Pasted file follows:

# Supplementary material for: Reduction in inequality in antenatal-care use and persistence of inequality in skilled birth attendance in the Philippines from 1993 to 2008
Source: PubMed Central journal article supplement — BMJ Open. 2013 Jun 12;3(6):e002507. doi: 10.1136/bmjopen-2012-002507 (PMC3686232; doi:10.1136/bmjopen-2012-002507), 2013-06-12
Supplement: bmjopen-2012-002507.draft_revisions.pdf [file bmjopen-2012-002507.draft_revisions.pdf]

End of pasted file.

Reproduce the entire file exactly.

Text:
# Supplementary material for: Reduction in inequality in antenatal-care use and persistence of inequality in skilled birth attendance in the Philippines from 1993 to 2008
Source: PubMed Central journal article supplement — BMJ Open. 2013 Jun 12;3(6):e002507. doi: 10.1136/bmjopen-2012-002507 (PMC3686232; doi:10.1136/bmjopen-2012-002507), 2013-06-12
Supplement: bmjopen-2012-002507.draft_revisions.pdf [file bmjopen-2012-002507.draft_revisions.pdf]